By Gabe Moretti, Technical Editor -- 8/21/2003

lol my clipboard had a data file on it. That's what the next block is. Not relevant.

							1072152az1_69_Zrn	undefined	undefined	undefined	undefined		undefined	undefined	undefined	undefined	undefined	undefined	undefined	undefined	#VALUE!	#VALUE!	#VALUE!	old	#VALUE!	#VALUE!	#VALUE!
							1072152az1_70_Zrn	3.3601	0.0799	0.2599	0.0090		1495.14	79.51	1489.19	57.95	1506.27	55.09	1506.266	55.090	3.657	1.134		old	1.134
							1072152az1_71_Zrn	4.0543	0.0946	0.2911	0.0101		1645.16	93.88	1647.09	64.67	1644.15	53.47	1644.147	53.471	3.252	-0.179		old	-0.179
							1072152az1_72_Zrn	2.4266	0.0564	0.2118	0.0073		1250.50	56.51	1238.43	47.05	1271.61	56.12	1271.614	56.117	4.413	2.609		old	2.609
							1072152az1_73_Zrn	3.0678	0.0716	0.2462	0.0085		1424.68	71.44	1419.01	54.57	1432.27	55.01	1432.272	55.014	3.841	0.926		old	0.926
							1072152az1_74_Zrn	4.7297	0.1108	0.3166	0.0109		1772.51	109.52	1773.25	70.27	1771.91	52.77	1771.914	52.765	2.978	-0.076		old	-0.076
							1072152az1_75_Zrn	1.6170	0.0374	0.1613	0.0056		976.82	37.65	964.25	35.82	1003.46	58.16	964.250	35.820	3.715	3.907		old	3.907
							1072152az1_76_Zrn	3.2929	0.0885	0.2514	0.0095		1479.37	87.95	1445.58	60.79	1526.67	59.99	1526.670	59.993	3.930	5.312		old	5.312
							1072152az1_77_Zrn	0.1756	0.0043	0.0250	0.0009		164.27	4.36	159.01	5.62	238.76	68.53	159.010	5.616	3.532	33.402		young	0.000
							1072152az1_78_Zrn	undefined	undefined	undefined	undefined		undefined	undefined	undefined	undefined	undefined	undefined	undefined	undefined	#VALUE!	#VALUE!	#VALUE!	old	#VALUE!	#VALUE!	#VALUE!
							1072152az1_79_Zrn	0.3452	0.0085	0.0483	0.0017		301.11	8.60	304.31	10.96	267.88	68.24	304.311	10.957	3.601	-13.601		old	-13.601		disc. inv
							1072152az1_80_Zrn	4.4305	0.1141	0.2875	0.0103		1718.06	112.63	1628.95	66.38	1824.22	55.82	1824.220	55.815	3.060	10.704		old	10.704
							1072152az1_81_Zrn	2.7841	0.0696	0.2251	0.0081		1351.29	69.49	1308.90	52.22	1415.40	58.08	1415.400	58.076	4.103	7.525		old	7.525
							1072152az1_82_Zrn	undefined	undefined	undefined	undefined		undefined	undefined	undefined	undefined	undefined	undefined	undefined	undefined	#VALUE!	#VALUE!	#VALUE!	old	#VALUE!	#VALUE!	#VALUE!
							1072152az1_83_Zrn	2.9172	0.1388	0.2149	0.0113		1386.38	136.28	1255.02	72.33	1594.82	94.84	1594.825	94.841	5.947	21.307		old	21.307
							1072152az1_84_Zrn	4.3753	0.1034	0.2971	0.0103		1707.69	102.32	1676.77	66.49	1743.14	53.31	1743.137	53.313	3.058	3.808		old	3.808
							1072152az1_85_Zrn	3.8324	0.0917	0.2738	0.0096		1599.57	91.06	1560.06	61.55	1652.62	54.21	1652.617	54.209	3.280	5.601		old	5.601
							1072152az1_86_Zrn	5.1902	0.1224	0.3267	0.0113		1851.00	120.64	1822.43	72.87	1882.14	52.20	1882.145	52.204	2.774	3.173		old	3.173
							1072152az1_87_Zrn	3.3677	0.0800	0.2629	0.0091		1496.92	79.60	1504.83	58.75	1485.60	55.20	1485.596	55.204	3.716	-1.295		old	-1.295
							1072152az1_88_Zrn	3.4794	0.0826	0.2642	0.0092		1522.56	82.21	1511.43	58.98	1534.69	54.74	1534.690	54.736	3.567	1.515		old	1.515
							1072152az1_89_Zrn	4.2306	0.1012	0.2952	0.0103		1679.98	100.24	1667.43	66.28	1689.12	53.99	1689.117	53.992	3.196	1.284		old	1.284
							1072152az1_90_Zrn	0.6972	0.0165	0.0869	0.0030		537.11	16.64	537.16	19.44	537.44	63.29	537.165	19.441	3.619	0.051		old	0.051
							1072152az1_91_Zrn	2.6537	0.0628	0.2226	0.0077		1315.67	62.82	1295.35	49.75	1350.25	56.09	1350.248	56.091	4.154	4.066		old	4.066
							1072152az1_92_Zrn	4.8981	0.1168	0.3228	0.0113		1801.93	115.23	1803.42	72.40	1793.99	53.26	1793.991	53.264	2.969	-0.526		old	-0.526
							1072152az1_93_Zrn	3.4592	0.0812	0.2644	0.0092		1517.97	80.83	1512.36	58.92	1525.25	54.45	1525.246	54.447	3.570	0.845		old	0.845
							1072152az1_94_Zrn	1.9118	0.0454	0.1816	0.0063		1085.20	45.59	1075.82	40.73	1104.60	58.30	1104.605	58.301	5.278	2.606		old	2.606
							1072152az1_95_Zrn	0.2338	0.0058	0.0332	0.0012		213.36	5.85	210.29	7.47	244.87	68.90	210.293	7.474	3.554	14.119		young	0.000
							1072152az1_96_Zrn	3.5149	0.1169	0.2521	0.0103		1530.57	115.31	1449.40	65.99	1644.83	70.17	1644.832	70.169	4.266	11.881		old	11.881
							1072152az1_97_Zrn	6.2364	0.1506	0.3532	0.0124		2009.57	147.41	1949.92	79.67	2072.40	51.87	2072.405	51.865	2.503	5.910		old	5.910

Engineers deal with complex systems by dividing them into subsystems, almost always using functions as the deciding criterion. When you look at a complex ASIC, for example, you see a number of functional blocks connected by buses. Depending on the application market the ASIC is targeting, many of the blocks are common or have functions in common with other products targeting the same market, regardless of the company and design team that implemented it. A chip that targets a graphics application, for example, is likely to contain a graphics-accelerator engine, a graphics memory to buffer display data, a microcontroller, and memory for software that controls the operation of the system. Semiconductor companies and fabless foundries have developed many products with architectures that target popular application areas, such as graphics acceleration and both wired and wireless communications. Vendors market these products under the category name of ASSPs (application-specific standard products). Products in this area generally offer no way to customize the application within the chip. You must implement your functions using components outside the device.
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